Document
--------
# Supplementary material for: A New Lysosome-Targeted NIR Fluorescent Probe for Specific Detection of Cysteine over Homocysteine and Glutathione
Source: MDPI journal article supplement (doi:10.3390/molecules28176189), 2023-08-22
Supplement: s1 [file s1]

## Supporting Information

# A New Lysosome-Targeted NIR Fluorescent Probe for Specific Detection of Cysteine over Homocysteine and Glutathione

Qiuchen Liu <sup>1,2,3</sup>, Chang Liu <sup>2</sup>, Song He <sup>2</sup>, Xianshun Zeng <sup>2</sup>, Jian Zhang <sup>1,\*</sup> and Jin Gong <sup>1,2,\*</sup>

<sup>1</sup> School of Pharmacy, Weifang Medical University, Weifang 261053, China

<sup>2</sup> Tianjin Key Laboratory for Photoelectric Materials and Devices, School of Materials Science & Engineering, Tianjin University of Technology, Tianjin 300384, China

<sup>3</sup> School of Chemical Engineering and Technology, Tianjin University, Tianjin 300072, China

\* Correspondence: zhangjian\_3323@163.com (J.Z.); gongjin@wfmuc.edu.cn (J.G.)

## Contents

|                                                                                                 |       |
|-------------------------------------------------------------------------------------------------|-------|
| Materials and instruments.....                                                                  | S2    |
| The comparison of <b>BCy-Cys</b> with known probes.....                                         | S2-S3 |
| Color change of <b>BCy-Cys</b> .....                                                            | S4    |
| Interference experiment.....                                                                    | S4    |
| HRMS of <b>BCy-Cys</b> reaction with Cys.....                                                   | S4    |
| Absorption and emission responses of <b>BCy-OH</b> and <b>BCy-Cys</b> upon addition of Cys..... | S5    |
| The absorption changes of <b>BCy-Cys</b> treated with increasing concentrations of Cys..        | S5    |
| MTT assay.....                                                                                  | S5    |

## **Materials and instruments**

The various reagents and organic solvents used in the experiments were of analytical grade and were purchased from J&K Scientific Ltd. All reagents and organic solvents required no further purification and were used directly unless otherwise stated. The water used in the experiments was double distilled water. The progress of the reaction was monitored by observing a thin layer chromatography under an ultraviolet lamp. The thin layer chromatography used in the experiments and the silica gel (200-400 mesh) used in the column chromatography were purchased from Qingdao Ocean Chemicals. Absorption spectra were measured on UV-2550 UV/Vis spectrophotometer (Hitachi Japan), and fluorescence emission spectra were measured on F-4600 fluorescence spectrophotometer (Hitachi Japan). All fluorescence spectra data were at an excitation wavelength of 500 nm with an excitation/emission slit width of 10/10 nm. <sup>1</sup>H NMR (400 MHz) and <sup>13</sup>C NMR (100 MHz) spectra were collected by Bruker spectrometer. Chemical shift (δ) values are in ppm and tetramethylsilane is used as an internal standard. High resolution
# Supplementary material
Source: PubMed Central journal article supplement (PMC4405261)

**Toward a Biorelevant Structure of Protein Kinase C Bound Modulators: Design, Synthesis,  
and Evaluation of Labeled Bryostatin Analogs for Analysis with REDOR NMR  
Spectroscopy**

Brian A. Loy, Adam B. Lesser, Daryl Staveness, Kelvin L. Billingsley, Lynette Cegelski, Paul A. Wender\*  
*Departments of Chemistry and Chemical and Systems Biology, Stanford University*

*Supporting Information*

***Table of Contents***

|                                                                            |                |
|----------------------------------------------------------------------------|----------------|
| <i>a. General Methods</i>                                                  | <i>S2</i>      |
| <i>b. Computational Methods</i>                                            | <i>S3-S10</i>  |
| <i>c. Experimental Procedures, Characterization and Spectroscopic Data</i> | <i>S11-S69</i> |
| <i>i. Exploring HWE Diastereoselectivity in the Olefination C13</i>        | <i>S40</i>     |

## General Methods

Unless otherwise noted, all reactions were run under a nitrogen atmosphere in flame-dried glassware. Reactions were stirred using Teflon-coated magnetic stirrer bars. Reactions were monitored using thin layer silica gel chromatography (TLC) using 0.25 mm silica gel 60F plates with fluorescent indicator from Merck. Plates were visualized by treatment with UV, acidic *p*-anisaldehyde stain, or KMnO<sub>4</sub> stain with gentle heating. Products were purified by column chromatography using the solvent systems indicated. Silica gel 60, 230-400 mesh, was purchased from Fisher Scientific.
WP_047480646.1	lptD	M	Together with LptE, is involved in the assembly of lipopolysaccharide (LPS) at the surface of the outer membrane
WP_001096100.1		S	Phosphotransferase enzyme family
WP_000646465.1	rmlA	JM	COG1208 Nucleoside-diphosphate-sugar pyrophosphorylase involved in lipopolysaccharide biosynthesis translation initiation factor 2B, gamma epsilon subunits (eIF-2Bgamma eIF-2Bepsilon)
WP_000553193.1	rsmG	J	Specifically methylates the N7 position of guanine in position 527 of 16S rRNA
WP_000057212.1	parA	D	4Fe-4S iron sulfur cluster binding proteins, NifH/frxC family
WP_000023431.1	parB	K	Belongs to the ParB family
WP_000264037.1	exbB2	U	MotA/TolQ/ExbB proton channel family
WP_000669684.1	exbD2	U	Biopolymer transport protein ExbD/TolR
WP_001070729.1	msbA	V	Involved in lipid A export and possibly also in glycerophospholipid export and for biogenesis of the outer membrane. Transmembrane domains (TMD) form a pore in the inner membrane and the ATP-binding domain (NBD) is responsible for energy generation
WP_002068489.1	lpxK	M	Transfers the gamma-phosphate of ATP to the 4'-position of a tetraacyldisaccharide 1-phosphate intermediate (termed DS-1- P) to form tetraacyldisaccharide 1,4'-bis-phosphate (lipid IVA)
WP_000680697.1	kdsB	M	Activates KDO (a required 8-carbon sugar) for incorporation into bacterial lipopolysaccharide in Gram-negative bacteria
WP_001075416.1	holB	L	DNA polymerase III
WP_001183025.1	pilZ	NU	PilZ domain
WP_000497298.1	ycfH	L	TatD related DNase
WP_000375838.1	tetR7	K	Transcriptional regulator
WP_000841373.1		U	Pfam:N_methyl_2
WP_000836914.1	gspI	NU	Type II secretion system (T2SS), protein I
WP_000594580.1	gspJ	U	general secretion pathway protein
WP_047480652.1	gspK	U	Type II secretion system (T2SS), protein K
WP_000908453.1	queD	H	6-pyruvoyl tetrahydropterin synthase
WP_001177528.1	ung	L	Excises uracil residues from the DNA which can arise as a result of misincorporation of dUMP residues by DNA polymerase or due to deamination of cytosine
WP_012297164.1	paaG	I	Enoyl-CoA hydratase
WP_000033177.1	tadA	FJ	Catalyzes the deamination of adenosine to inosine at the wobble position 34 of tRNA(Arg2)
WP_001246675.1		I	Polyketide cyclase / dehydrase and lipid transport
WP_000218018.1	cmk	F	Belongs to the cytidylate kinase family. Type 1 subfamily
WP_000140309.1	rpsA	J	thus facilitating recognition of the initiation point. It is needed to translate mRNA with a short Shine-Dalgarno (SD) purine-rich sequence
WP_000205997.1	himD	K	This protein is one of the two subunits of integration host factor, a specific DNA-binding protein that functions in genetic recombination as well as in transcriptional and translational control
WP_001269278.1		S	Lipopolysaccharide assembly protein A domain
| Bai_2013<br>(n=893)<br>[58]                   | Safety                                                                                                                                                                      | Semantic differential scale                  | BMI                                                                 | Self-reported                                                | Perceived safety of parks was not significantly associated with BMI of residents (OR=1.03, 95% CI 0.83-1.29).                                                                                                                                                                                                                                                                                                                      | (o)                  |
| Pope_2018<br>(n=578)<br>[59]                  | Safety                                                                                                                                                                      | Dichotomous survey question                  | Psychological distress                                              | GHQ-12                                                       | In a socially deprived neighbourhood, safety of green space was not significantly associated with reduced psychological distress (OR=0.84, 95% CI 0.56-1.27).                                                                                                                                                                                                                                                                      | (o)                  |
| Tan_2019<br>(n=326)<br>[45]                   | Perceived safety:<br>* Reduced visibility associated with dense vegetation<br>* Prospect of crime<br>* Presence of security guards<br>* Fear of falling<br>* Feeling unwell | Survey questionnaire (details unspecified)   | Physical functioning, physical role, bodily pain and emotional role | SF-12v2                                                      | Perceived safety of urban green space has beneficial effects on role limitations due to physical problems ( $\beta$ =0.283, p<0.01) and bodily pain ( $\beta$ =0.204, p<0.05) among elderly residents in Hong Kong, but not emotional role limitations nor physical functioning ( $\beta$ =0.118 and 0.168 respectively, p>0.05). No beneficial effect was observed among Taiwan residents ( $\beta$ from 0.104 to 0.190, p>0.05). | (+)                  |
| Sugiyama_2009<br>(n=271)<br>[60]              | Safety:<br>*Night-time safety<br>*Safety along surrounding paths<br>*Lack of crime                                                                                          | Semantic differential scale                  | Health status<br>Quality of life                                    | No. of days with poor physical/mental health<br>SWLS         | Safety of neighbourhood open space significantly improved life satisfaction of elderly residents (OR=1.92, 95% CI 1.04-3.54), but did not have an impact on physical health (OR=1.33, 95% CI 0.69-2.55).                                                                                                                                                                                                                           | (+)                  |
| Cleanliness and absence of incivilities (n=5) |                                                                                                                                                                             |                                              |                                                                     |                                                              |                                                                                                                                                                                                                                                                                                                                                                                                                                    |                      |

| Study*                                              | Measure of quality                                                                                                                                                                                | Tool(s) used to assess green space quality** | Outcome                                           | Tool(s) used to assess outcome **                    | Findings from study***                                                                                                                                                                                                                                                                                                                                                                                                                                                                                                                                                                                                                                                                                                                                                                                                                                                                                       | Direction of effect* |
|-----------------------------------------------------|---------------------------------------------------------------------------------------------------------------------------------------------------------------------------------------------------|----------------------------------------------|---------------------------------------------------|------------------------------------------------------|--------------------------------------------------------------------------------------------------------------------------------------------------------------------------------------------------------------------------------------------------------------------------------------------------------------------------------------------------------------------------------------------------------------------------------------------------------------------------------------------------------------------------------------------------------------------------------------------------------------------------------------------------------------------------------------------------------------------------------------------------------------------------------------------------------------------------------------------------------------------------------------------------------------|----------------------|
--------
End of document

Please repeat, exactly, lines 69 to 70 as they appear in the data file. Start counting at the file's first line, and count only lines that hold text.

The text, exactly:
| Bai_2013<br>(n=893)<br>[58]                   | Safety                                                                                                                                                                      | Semantic differential scale                  | BMI                                                                 | Self-reported                                                | Perceived safety of parks was not significantly associated with BMI of residents (OR=1.03, 95% CI 0.83-1.29).                                                                                                                                                                                                                                                                                                                      | (o)                  |
| Pope_2018<br>(n=578)<br>[59]                  | Safety                                                                                                                                                                      | Dichotomous survey question                  | Psychological distress                                              | GHQ-12                                                       | In a socially deprived neighbourhood, safety of green space was not significantly associated with reduced psychological distress (OR=0.84, 95% CI 0.56-1.27).                                                                                                                                                                                                                                                                      | (o)                  |